At certain special times of the year, a small group of women go into the woods to lay flowers and offerings at the foot of this distinctive tree. They are often overcome by a profound stillness and drift into a trance, hearing a voice whispering to them. One member of the group must always stand back, stay alert, and when she feels a certain danger point she rings a bell to end the communion.

To go there alone would be to risk never being seen again.

Dream Door

Dream Door

It took a good few minutes of staring at the blank wall for Ben to realised that he must have dreamed the door. This was a plain red brick wall, probably Victorian, mortar crumbling in places, but with no sign of any door, or even any previous opening, now blocked up, at any point along its length. Yet the image of an old weathered door, marked with traces of blue paint, but most flaked off down to the bare wood, now silvered with age — that image was vivid in his mind. He remembered an old iron latch with a twisted ring for a handle. It should have been about here in the wall, just where he stood — except that it was not, and apparently never had been.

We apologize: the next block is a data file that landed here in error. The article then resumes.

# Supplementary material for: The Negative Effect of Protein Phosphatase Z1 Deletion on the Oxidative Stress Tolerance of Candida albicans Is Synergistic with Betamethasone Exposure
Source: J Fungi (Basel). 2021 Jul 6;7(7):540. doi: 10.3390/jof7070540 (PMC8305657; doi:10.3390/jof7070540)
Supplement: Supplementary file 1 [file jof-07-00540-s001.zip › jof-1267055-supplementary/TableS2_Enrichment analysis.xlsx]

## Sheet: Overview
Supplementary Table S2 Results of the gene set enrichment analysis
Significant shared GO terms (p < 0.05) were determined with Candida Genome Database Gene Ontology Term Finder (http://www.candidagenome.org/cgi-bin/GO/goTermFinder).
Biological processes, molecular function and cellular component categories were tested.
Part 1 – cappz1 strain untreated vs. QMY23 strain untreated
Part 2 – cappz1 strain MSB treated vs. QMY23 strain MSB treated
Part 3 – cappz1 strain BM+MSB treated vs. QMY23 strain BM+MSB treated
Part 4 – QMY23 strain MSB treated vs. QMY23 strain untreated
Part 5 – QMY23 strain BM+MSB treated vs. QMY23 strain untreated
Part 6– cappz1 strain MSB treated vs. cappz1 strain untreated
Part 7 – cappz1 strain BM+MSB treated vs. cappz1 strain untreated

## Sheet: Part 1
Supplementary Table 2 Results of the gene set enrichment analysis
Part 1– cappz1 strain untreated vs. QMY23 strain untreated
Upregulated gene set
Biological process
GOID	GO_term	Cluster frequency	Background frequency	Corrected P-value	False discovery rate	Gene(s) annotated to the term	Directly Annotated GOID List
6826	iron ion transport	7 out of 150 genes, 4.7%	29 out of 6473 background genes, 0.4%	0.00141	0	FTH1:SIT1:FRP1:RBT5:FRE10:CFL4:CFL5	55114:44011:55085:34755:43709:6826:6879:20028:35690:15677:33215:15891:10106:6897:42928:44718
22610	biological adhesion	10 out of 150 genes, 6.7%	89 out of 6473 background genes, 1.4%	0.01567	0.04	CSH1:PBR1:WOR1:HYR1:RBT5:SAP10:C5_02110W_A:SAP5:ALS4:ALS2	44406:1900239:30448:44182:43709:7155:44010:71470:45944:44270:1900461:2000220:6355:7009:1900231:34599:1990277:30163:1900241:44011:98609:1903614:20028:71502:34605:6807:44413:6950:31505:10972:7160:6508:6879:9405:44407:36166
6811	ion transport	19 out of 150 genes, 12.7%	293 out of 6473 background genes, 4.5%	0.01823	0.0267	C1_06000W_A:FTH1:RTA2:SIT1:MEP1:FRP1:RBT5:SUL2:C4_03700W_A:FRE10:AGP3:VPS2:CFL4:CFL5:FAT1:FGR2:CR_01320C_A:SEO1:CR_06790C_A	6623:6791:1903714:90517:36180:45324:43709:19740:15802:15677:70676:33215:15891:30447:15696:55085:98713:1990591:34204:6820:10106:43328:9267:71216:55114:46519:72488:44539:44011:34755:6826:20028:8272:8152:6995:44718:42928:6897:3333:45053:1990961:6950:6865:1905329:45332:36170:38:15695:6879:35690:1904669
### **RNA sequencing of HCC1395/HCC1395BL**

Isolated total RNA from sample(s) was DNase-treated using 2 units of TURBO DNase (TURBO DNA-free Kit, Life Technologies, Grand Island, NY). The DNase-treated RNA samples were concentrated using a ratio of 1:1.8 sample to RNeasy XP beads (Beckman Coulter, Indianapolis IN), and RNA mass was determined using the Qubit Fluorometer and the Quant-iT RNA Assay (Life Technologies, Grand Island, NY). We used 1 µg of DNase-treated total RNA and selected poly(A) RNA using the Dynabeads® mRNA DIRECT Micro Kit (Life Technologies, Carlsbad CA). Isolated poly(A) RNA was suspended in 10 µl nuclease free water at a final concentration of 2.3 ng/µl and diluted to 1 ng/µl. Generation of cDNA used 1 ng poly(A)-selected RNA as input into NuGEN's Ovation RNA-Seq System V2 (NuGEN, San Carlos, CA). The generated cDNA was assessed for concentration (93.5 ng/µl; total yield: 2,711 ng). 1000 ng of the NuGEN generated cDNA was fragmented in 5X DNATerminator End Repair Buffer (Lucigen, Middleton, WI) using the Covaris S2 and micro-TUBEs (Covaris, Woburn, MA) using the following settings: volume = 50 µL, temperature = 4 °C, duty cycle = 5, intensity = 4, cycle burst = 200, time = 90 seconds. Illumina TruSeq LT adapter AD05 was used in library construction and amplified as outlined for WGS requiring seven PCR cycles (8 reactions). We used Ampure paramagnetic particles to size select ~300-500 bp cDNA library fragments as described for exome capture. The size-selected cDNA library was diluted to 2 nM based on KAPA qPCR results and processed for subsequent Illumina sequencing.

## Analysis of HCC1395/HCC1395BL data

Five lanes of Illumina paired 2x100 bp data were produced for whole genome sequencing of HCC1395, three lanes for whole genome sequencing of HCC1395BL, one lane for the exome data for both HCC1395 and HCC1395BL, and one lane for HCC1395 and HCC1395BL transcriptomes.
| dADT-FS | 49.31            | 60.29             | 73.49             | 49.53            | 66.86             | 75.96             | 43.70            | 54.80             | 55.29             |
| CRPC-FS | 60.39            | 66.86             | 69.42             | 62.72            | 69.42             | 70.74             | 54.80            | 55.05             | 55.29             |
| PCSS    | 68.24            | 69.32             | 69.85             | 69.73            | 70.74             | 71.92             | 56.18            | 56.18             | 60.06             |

It was not common for him to confuse dreams and memories, and his dreams were not usually so detailed and realistic. The discovery that the door did not exist knocked him off balance for the rest of the day, but by the next morning he had forgotten it all.

A week later, about two in the morning, he woke suddenly from a dream. A moment before he had been standing in front of that door again. He’d reached out and scraped off one of the few remaining flakes of blue paint with his thumbnail, then reached down for the latch handle and twisted it up to open the door.

The act of opening the door woke him, and he could still feel the cold iron of the twisted ring in his right hand. The sensation faded, but he could not get back to sleep.

In the morning he took a detour on his way to work, but the door still did not exist.

This time he accepted the non-existence of the door completely. He dismissed the whole thing as just a stupid dream and thought no more about it. In the following weeks he walked past the wall quite often without even looking at it.

He was with a group of friends walking to the pub on Friday night, talking and laughing. Ben half noticed that they were walking past the notorious wall on the other side of the road, but he paid it no attention. Chaz said something stupid and funny, and Ben turned to answer, but behind Chaz, across the road, he saw the door. It was there in the wall, real and solid. Ben stopped walking and stared at it.

‘What?’ said Chaz.

‘That door. Have you ever seen it before?’

‘What door?’

“That one.’ Ben pointed at the door, but it had gone. There was only a blank brick wall.

He had to suffer quite a bit of ridicule for five minutes, but the incident made him feel strange and he could not enjoy the drinking or the chat at all.